[The Wolfenbüttel Lute Tablature is arguably the earliest extant source for lute music in Western Europe and, even though it survives merely as a fragment, the only known specimen of the tablature system described in the Kassel Collum Lutine. For more information on the source see the introductory entry to this blog series.]
One of the eye-catching features of the Wolfenbüttel Tablature is the striking shape of the note heads, which appears in a very similar fashion in the Kassel Collum Lutine. The note heads seem to only consist of two almost parallel lines—one of which will also constitute the stem when applicable—, thus leaving the top and bottom of the head open. Some heads of individual notes have a slightly tilted left line and one (in the centre of the example below) even (accidentally?) has a closed top:
Many sources of the 15th century (especially the chansonniers) seem prefer a simplified form of the originally rhomboid shape of all notes below the value of the breve. This almost triangular shape appears to have been the basis for the font used in the Kassel-Wolfenbüttel system. Both, the triangular and the “open head” form may have developed because they were quick to draw. The latter is also slightly reminiscent of some note shapes in the Schedel [Sche] and Lochamer-Liederbuch—interestingly not in the tablature section, but in the song section—, both of which have the most concordances with Wolf.
In a search for a cause, which might have triggered the simplified shape of the note heads, the “concordancie” (as the Kassel Collum Lutine and the Buxheimer Orgelbuch put it) come into focus: Notes, which are bound in chords or dyads, are joined by a common stem and it might have been considered too time-consuming to lead the stem from tip to tip of a string of rhombuses, which would have resulted in multiple quill strokes. The Kassel-Wolfenbüttel system, however, reduces the number of strokes to an absolute minimum.
At the same time, this pragmatic way of writing concordancie provides an easy method to notate musica ficta by using the space to the right of the stem for a “second note head”, which consists of another, simple stroke of the quill. This feature is not explained in the Kassel Collum Lutine but is completely obvious from the context of the Wolfenbüttel Lute Tablature:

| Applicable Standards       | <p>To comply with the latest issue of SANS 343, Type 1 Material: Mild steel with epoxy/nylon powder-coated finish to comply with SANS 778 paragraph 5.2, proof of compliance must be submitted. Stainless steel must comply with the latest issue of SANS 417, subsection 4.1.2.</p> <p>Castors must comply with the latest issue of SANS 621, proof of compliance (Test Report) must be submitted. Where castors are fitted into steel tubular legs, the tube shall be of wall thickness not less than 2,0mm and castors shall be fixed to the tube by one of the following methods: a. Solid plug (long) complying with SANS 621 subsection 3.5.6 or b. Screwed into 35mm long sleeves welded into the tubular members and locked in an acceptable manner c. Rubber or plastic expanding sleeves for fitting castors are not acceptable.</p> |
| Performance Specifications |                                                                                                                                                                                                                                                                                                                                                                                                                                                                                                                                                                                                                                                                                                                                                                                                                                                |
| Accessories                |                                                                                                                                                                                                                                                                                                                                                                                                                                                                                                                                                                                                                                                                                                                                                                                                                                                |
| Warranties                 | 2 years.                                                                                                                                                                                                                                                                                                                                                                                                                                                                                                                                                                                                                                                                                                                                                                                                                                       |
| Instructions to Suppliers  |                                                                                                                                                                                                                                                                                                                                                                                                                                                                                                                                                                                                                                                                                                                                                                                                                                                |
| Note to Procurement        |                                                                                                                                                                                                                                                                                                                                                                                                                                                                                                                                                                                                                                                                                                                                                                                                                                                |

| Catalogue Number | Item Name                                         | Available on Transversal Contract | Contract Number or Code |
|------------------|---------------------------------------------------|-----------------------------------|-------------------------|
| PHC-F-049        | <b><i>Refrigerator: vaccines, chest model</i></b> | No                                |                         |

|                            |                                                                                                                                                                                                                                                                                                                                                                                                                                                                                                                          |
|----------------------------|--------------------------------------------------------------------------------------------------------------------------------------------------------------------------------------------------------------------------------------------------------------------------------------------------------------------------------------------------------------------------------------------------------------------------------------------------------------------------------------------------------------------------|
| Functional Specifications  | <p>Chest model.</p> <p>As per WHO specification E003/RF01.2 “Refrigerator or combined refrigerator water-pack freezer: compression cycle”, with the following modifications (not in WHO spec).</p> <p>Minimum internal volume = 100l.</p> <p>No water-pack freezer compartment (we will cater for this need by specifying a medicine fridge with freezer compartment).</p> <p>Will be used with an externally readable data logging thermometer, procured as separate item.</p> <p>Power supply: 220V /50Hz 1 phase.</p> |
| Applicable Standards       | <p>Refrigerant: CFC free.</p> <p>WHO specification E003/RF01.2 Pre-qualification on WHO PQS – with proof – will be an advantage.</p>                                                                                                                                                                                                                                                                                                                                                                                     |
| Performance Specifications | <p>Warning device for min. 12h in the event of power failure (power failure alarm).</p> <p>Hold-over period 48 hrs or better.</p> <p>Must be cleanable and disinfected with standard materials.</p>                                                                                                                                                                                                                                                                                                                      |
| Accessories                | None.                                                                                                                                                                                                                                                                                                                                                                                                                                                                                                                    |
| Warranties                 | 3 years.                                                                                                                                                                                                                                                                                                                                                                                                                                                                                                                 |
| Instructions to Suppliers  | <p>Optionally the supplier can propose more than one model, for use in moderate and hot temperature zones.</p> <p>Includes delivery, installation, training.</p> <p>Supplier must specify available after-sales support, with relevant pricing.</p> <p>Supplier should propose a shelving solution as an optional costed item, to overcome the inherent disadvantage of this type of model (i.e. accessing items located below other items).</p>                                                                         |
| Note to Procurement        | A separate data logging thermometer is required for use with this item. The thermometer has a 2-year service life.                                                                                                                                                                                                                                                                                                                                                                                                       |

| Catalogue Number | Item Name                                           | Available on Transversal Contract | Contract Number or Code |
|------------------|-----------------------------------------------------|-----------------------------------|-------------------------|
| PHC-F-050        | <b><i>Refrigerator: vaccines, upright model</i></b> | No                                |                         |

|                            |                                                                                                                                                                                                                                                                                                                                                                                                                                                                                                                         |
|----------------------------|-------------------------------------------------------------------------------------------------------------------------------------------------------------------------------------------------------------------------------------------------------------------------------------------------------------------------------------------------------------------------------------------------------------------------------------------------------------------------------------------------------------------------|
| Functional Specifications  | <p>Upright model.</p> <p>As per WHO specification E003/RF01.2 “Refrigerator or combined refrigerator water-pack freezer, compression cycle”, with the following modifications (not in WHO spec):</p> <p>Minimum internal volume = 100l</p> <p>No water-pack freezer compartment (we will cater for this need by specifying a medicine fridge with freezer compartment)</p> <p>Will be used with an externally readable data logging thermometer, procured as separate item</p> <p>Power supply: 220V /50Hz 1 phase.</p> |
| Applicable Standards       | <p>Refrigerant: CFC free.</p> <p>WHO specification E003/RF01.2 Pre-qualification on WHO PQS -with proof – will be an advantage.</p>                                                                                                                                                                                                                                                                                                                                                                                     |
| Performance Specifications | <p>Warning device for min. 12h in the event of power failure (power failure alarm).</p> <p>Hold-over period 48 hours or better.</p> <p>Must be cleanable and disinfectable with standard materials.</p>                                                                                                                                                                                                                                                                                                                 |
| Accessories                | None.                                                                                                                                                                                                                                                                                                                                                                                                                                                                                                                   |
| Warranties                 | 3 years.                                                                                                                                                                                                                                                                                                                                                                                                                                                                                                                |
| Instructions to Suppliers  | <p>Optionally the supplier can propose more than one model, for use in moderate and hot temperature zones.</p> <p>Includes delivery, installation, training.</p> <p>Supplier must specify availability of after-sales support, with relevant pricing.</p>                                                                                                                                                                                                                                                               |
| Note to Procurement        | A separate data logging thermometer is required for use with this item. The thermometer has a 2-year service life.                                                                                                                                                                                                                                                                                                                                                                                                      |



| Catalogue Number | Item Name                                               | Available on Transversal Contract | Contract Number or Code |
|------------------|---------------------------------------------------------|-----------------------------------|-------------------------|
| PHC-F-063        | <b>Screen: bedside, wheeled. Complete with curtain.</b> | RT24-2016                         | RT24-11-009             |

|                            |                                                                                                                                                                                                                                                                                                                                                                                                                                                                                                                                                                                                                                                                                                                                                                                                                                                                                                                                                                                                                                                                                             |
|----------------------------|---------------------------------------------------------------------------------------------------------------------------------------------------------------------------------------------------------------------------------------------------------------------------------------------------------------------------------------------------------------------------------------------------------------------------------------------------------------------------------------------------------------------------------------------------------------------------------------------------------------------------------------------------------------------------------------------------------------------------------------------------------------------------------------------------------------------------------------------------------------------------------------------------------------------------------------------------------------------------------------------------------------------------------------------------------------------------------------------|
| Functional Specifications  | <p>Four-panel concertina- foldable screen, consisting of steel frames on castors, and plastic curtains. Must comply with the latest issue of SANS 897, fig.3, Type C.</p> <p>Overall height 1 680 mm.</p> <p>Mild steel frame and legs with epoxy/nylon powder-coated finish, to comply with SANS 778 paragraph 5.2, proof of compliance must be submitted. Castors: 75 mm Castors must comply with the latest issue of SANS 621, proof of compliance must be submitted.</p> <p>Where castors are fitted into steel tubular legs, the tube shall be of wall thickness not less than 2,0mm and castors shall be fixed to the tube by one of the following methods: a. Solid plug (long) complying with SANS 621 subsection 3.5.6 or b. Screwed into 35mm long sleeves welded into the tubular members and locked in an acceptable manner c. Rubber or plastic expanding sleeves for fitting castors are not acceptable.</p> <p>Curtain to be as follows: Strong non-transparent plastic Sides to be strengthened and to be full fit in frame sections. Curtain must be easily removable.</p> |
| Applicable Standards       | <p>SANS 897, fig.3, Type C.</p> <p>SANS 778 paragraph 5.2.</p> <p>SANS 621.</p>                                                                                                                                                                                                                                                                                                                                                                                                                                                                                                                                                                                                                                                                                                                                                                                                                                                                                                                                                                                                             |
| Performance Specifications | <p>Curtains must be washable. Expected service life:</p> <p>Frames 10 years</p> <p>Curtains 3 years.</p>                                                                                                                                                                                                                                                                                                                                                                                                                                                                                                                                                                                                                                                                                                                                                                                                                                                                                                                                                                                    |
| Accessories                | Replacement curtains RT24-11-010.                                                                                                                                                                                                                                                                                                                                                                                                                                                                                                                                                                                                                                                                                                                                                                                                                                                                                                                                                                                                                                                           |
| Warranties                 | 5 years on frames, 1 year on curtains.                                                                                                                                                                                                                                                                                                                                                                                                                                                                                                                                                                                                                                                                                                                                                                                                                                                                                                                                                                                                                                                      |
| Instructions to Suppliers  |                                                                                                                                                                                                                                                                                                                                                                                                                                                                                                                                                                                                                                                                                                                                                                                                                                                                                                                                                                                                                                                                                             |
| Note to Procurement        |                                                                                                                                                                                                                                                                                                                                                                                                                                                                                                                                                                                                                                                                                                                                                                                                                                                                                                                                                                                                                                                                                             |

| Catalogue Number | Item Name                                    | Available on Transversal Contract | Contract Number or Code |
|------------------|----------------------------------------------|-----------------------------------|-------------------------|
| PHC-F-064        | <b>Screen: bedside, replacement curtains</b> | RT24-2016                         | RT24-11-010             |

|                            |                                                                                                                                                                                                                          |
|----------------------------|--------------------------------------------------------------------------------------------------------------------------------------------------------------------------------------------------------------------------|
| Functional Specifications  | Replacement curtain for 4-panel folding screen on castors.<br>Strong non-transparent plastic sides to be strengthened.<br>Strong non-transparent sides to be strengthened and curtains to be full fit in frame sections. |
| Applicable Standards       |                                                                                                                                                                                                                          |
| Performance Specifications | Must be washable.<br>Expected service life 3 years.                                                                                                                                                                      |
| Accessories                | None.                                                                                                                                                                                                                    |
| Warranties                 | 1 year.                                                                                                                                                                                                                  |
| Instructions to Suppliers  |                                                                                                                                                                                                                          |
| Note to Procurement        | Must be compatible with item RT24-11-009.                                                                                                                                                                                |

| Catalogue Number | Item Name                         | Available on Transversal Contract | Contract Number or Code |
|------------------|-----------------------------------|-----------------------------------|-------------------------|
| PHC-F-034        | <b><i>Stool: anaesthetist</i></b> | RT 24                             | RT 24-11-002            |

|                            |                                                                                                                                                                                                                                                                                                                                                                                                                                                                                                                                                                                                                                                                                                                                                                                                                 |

However, the Kassel Collum Lutine explains a symbol designating musica ficta for notes, which are not bound in concordancie, in and it is very similar to the practice in German organ tablatures of the time, such as in Bux. It consists of an added downward tail to the note head:
The Wolfenbüttel Tablature adopts this sign, but amplifies the simple, elongated downward stem by a crossing stroke, such as it is used in the tablatures from Loch.
On a final note: Just as in Bux and Loch necessary musica ficta is not always notated in Wolf. While the slower moving lower voices usually (but not always) feature all the ficta, it is often missing in the upper part, especially in extensive fusa-runs.
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 Kirnbauer, Martin: “IV. The Earliest German Sources of Lute Tablature: The Kassel “Lautenkragen” (D-Kl, 2° Ms. Math. 31), the “Königstein Songbook” (D-Bsb, Ms. germ. qu. 719) and the Regensburg Drawing (D-Rp, Ms. Th. 98 4°), p. 180, in: Young, Crawford & Kirnbauer, Martin (eds.): Frühe Lautentabulaturen im Faksimile / Early LuteTablatures in Facsimile (= Pratica Musicale, vol. 6), Winterthur (Amadeus) 2003.